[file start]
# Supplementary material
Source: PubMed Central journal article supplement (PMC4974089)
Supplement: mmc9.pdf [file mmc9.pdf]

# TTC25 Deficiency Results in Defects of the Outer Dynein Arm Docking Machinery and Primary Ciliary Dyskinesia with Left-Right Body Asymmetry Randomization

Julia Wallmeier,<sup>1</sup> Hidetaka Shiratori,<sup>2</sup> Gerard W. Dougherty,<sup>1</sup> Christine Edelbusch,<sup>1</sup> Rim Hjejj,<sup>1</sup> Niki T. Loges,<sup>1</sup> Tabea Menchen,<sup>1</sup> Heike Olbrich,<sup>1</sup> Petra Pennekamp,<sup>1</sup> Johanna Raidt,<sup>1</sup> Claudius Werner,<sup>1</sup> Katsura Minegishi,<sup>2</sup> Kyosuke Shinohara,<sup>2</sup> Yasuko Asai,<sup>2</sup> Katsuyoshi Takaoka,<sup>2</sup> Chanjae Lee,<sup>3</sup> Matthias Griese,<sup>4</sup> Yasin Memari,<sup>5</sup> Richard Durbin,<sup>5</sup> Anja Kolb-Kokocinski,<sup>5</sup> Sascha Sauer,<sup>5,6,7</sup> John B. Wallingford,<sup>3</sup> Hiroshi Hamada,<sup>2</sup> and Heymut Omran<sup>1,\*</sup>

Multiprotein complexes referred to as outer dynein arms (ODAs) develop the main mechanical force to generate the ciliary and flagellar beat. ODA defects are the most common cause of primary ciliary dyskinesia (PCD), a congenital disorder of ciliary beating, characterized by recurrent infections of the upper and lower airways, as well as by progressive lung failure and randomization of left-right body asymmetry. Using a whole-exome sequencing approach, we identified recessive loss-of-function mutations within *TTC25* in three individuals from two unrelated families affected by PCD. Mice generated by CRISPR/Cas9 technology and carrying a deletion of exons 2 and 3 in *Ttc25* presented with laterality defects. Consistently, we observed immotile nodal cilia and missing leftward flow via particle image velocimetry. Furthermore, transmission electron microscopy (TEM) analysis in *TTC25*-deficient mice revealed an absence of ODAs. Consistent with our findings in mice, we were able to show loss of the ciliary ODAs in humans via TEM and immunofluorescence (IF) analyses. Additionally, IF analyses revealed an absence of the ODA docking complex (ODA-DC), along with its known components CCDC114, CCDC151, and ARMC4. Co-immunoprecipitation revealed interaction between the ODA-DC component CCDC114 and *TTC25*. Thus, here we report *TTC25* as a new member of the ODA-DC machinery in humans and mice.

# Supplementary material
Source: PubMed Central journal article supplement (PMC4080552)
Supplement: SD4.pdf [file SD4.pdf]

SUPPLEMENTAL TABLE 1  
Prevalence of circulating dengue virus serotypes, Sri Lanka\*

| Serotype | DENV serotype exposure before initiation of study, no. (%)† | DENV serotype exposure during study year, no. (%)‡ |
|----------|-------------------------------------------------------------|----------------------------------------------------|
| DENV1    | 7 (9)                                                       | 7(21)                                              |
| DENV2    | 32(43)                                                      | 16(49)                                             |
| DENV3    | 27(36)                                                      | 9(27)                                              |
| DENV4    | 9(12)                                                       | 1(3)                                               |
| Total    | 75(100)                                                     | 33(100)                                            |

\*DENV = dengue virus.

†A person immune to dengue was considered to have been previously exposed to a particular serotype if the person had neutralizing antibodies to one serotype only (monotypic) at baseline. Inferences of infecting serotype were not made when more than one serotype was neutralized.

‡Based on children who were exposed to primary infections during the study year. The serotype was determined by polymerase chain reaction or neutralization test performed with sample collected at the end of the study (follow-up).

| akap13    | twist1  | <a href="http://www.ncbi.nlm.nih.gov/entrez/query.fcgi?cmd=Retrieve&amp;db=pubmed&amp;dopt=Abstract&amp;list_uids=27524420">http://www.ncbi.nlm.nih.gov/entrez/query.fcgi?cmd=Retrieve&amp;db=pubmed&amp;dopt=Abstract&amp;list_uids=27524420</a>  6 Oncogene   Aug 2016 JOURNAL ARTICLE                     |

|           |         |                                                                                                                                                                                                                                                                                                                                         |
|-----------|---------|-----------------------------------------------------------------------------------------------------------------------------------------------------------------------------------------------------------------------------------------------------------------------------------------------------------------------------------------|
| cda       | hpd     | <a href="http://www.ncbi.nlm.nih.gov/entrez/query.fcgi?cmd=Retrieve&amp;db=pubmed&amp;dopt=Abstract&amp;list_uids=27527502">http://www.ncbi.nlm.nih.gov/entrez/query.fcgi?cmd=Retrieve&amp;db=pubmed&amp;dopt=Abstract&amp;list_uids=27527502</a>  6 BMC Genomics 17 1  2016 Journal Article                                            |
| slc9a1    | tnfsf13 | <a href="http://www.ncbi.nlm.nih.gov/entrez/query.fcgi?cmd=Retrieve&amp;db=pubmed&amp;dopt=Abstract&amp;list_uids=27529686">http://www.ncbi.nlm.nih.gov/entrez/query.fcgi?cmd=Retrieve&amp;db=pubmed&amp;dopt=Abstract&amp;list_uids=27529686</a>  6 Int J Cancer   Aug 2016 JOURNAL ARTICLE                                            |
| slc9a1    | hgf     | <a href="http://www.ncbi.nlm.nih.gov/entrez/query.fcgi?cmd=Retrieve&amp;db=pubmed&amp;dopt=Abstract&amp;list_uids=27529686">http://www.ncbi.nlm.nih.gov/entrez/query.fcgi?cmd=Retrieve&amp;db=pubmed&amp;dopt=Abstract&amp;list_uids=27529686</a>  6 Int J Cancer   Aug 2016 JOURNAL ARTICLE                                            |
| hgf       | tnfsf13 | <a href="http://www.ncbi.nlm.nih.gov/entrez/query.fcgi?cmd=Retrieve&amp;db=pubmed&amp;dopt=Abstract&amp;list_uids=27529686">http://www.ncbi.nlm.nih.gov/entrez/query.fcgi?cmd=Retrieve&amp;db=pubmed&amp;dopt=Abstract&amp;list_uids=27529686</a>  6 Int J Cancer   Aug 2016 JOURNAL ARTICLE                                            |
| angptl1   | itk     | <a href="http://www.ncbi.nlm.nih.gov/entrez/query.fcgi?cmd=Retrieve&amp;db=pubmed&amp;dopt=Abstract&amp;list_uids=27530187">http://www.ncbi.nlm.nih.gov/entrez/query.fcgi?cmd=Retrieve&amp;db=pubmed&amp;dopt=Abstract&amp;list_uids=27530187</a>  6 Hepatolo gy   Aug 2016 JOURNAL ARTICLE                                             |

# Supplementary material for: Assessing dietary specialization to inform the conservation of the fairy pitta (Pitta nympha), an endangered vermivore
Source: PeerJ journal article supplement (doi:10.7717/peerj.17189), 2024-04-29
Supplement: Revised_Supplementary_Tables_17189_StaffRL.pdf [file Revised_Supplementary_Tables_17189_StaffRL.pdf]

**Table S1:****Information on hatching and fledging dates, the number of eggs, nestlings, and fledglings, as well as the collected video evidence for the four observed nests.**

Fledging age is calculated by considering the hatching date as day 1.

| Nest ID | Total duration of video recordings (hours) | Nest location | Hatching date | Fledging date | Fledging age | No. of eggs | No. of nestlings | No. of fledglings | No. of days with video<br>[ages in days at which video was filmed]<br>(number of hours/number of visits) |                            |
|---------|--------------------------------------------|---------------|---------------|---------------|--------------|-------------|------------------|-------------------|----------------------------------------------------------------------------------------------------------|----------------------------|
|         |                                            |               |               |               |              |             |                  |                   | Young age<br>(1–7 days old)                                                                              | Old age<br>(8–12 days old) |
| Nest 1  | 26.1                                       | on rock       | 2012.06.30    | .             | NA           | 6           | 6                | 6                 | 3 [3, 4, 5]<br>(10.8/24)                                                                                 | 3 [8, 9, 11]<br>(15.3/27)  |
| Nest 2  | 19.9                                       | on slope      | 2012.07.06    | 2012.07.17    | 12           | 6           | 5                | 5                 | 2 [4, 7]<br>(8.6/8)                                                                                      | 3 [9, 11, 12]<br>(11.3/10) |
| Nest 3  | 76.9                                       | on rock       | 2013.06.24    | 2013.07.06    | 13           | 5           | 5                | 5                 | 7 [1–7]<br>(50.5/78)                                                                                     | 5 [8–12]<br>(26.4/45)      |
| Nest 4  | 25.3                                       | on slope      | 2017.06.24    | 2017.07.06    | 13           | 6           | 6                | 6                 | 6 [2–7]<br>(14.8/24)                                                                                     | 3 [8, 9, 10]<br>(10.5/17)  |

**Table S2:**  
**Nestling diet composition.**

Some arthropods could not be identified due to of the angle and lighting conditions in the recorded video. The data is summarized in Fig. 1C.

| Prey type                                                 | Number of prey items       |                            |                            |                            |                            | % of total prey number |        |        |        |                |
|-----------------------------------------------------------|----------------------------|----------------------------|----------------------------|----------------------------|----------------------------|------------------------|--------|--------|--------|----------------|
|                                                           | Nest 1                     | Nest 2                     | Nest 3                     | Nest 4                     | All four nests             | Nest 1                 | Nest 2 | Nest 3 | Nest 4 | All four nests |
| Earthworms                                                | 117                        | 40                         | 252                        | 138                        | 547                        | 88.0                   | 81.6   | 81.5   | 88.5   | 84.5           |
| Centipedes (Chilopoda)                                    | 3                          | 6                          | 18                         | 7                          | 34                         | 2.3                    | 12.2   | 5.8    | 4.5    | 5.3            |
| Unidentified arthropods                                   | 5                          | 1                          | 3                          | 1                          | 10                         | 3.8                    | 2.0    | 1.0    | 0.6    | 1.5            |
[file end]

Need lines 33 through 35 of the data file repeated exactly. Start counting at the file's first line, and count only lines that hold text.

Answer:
**Table S1:****Information on hatching and fledging dates, the number of eggs, nestlings, and fledglings, as well as the collected video evidence for the four observed nests.**

Fledging age is calculated by considering the hatching date as day 1.

| Nest ID | Total duration of video recordings (hours) | Nest location | Hatching date | Fledging date | Fledging age | No. of eggs | No. of nestlings | No. of fledglings | No. of days with video<br>[ages in days at which video was filmed]<br>(number of hours/number of visits) |                            |